That being the case, why should Modi let loose the Indian agencies against Ghani and to undermine the government in Kabul, which has been installed in power by Washington with such painstaking personal involvement on the part of Secretary of State John Kerry? It will be an insult to President Barack Obama, which Modi will never allow. Simply put, it belies logic that India is egging on Karzai to seize power.
True, Ghani has dealings with Pakistan. He has injected much warmth into Afghan-Pakistani equations. But then, Americans also have dealings with Pakistan but that doesn’t deter the Modi government from working closely with the US’ containment strategy against China.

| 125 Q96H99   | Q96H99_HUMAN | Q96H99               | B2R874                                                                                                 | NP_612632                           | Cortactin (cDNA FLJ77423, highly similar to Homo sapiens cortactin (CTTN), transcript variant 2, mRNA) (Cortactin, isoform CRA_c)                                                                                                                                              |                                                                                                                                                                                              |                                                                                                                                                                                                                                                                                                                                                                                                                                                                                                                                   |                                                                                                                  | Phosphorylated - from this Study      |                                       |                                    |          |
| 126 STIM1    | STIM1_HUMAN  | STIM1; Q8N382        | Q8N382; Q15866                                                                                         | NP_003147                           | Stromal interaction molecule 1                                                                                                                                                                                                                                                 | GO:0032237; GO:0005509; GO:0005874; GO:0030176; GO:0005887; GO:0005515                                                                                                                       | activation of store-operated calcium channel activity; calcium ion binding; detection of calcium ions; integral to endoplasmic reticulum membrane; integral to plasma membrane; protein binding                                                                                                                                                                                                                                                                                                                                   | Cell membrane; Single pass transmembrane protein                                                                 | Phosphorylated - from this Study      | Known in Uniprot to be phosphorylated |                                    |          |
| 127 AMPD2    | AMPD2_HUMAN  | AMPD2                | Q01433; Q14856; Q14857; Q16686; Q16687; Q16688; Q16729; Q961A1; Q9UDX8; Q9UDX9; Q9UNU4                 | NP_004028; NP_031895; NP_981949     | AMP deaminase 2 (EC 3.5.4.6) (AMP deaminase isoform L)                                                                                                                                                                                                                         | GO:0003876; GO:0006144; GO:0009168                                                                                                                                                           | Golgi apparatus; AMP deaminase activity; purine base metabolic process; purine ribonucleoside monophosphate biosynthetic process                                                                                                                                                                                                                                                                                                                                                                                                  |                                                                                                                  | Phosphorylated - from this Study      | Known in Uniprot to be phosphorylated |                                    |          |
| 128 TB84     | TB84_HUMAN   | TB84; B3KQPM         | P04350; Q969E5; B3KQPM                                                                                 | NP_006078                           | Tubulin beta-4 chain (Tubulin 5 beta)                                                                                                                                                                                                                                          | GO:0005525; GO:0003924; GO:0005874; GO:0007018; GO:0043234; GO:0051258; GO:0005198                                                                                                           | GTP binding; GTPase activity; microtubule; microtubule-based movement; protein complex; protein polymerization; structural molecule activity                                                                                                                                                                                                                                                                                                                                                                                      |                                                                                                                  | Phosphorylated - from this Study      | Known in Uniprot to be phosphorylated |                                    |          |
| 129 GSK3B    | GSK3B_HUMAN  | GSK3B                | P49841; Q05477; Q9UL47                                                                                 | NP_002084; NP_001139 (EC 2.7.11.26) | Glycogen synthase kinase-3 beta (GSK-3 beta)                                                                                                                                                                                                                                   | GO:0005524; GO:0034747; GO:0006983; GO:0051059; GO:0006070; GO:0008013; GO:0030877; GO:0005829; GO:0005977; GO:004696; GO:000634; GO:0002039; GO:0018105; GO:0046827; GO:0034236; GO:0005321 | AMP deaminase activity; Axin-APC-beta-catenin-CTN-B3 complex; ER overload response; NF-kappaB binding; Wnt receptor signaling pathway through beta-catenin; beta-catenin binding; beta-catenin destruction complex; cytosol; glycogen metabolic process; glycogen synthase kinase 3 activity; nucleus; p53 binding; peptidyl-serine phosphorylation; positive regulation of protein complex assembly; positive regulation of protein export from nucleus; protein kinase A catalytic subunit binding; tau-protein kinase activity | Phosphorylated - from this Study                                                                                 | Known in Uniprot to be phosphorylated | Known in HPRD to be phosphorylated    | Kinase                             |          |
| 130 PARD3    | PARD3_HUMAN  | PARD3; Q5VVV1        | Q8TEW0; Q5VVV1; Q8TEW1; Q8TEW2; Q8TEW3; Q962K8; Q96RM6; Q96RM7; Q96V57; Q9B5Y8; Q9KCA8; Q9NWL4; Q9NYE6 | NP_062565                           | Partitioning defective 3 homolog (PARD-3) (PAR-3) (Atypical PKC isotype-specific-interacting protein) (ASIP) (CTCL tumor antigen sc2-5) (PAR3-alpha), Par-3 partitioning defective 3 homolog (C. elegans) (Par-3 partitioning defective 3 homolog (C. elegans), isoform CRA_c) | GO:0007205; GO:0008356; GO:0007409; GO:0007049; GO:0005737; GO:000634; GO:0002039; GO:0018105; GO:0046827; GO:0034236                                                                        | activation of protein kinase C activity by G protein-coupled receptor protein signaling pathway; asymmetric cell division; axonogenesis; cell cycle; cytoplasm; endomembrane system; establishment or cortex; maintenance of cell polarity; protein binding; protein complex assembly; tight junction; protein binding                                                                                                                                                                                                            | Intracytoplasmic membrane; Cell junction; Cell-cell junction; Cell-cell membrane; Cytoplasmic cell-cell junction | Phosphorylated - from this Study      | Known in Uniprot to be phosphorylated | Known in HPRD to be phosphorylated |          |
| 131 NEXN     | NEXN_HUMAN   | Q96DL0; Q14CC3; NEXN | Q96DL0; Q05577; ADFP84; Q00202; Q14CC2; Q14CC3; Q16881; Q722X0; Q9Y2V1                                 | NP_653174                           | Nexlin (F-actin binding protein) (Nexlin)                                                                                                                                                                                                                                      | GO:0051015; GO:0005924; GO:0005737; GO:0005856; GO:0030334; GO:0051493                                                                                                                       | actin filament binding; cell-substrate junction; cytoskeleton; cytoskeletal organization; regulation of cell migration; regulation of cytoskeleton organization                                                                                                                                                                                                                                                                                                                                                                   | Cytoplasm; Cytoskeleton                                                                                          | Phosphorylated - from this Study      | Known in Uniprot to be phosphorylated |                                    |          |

If this is the actual story about India and the Karzai conundrum, the story with Russia, Iran and China is not very different, too. Russia and China probably have misgivings about the US’ intentions in keeping its (and NATO’s) open-ended military presence in Afghanistan, but having said that, neither would want the Americans to get the hell out of Afghanistan, either.
In fact, Moscow and Beijing will be terrified of a situation where they are called upon to bear the main responsibility to mould Afghanistan’s future. Most certainly, they want the US to continue to be involved in Afghanistan.
A curious thing in common between the Russian and Chinese foreign policies is that both are manifestly keen to engage constructively with the US on as many fronts as possible in regional politics and internationals security issues. This is only natural in the present-day big power politics, which is devoid of ideology.